Saturday, August 25, 2012

FYI: WA Sup Ct Rules MERS is Not Valid "Beneficiary" Under WA Law, State UDAP Claims Could Proceed

The Washington Supreme Court recently held that MERS is not a valid "beneficiary" under Washington law, where MERS did not hold the relevant promissory note or other debt instrument secured by a deed of trust.  The Court also allowed the borrower's claims under Washington's Consumer Protection Act to proceed, holding that "[w]hile we are unwilling to say it is per se deceptive, we agree that characterizing MERS as the beneficiary has the capacity to deceive..."
A copy of the opinion is available at
The opinion recites that MERS appointed trustees to initiate nonjudicial foreclosure proceedings against multiple borrowers who defaulted on their home loans.  Each deed of trust named MERS the beneficiary.  A lower court judge requested that the Washington Supreme Court answer three certified questions:  (1) Whether MERS is a lawful beneficiary under Washington law if it does not hold the promissory note; (2) If MERS is not a lawful beneficiary, what is the legal effect of same; and (3) Whether homeowners have a Consumer Protection Act claim against MERS under the facts at issue here. 
As you may recall, Washington's Deed of Trust Act (the "DOT Act") provides that "the trustee shall have proof that the beneficiary is the owner of any promissory note...secured by the deed of trust" and must provide the homeowner with "the name and address of the owner of any promissory notes...secured by the deed of trust" prior to foreclosure.  RCW 61.24.030(7)(a), (8)(L).  Further, Washington law provides that the trustee has a duty of good faith to the borrower, as well as to the beneficiary and grantor.  RCW 61.24.010(4). 
The Court concluded that because MERS never held the promissory note, it is not a lawful beneficiary. 
MERS attempted to avoid this result by noting that the DOT Act's definitions apply "unless the context clearly requires otherwise."  RCW 61.24.005.  MERS argued that because the Legislature was attempting to create a more efficient default remedy for lenders (in that the DOT Act provided for nonjudicial foreclosure) the legislature must not have intended to put up barriers to foreclosure.  MERS further noted that the parties had agreed by contract that it was to be the beneficiary.  Therefore, MERS contended that in this context, it should be allowed to foreclose as a beneficiary.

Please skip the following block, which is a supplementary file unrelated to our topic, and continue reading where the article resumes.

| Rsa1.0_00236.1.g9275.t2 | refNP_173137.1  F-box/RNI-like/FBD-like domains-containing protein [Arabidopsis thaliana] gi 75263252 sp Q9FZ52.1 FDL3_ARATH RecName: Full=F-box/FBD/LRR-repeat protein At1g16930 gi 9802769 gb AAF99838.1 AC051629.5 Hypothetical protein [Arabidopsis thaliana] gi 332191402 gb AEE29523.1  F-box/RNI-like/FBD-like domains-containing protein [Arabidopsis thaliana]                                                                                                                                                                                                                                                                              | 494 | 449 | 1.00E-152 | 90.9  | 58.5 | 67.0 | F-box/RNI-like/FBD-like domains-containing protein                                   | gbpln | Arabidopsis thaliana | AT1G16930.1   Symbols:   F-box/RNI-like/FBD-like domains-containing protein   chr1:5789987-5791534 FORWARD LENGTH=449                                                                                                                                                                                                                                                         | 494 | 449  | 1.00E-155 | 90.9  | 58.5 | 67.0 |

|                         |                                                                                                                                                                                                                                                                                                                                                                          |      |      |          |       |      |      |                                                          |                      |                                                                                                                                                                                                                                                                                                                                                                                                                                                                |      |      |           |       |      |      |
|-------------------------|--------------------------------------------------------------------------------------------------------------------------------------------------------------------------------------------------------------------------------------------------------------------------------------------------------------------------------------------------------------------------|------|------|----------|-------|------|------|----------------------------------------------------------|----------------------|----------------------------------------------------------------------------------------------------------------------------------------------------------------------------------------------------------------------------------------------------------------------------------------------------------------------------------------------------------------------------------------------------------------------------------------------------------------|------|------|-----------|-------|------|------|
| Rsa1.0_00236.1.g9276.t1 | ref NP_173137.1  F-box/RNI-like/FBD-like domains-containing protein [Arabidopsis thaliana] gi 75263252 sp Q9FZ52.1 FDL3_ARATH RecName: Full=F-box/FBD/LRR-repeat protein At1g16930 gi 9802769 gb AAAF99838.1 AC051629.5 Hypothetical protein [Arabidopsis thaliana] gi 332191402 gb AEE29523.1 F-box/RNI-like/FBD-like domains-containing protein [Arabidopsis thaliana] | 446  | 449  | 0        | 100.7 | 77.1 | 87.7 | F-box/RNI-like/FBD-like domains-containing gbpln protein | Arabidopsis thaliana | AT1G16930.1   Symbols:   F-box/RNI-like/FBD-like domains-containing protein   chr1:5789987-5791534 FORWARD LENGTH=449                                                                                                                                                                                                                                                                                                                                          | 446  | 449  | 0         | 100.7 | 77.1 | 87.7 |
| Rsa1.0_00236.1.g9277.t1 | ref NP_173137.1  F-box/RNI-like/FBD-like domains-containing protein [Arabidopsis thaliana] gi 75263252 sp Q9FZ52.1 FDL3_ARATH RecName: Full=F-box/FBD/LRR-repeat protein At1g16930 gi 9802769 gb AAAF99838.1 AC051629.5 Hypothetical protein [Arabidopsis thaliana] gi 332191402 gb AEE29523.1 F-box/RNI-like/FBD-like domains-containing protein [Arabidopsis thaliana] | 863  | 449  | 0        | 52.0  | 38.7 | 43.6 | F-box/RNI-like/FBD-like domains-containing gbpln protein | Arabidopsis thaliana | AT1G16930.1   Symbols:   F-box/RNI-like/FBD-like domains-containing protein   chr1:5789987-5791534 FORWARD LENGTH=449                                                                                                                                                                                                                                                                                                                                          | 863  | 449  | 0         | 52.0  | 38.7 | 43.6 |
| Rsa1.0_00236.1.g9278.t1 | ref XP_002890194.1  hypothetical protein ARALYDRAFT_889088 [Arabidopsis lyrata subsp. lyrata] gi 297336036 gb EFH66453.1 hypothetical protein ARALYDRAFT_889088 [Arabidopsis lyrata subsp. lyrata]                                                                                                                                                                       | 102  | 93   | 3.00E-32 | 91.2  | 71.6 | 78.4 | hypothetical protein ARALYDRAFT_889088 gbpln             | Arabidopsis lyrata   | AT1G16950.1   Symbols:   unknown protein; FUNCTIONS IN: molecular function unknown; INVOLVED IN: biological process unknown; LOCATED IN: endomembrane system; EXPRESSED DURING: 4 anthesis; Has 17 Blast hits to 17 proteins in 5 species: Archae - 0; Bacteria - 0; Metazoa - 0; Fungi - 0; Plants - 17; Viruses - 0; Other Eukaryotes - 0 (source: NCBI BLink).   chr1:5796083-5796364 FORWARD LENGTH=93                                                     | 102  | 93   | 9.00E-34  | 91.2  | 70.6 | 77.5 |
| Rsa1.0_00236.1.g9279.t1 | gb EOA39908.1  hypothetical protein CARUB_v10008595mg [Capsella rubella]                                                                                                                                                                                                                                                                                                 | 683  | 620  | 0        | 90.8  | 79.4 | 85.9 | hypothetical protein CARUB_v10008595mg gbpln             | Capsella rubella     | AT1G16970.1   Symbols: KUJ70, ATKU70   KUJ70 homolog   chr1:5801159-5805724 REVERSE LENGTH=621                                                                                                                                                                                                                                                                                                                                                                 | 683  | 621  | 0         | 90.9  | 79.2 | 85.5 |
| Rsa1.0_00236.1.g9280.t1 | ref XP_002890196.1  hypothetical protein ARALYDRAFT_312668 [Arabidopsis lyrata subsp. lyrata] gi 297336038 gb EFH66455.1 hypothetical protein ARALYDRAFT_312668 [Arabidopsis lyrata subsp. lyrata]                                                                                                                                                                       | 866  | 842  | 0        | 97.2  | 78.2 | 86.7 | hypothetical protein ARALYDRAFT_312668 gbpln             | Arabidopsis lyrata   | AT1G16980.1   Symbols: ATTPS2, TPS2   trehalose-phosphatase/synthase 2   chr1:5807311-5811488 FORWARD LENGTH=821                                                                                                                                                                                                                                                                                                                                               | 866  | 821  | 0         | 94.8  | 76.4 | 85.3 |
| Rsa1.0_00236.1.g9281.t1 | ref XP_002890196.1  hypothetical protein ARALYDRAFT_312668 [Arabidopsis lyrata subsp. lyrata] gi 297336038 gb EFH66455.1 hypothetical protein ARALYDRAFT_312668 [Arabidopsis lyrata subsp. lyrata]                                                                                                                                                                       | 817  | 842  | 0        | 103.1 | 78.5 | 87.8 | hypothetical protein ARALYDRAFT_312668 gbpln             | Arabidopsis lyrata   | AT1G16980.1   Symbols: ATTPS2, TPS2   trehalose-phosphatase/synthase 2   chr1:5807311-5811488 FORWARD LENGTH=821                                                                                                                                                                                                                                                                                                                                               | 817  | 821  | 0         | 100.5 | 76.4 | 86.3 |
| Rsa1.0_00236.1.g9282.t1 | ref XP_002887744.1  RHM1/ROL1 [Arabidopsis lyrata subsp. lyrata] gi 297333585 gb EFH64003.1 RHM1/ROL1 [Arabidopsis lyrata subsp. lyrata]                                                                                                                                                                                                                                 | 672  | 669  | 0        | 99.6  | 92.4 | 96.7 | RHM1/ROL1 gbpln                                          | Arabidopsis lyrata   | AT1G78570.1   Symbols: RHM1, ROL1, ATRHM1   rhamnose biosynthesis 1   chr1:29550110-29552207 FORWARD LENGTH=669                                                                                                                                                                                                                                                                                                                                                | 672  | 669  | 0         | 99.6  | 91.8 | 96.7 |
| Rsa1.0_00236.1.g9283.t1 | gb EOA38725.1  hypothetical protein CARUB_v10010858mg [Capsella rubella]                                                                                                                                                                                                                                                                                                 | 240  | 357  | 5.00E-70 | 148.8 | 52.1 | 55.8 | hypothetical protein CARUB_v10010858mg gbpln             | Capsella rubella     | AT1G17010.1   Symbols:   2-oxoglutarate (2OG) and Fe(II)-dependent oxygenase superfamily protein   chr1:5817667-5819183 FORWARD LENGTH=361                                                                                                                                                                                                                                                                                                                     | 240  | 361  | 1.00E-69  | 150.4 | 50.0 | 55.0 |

The Court disagreed, noting that it did not find any precedent indicating that parties "can alter statutory provisions by contract." 
Next, MERS observed that the statutory definition of "beneficiary" is not limited to the holder of the promissory note, and instead is defined as "the holder of the instrument or document evidencing the obligations secured by the deed of trust."  RCW 61.24.005(2).  MERS therefore argued that because "instrument" and "document" are broad terms, the Legislature was referring to all of the loan documents making up the transaction, including the deed of trust. Accordingly, as the holder of the deed of trust, MERS contended that it met the statutory definition of "beneficiary." 
The Court again disagreed, finding that MERS' interpretation of the DOT Act would have "the deed of trust securing itself," and was therefore "untenable." 
The Court found more support for its position in the text of the DOT Act.  In particular, it noted that the DOT Act provides that where a beneficiary purchases a property at a trustee sale, the beneficiary is to receive a credit for "the monetary obligations secured by the deed of trust."  RCW 61.24.070.  The Court observed that if a party that did not hold the note was nevertheless a "beneficiary," then this provision would "authorize the non-holding beneficiary to credit to its bid funds to which it had no right."
MERS also argued that the lender was entitled to name it as its agent.  The Court did not disagree, but observed that "agency requires a specific principal that is accountable for the acts of its agent."  Here, however, the Court noted that at oral arguments, counsel for MERS were unable to identify its principals.  According, it held that MERS "has not established that it is an agent for a lawful principal." 
Despite the generally unfavorable result for MERS, the Court did note that nothing in its opinion "should be interpreted as preventing the parties to proceed with judicial foreclosures." 
The Court declined to answer the second certified question, on the grounds that the record before it was insufficient to allow for a decision. 
Finally, the Court determined that the consumers might have valid claims under Washington's Consumer Protection Act, depending on the facts of each particular case.  The Court held that "[w]hile we are unwilling to say it is per se deceptive, we agree that characterizing MERS as the beneficiary has the capacity to deceive..." 


Ralph T. Wutscher
McGinnis Wutscher LLP
The Loop Center Building
105 W. Madison Street, 18th Floor
Chicago, Illinois 60602
Direct: (312) 551-9320
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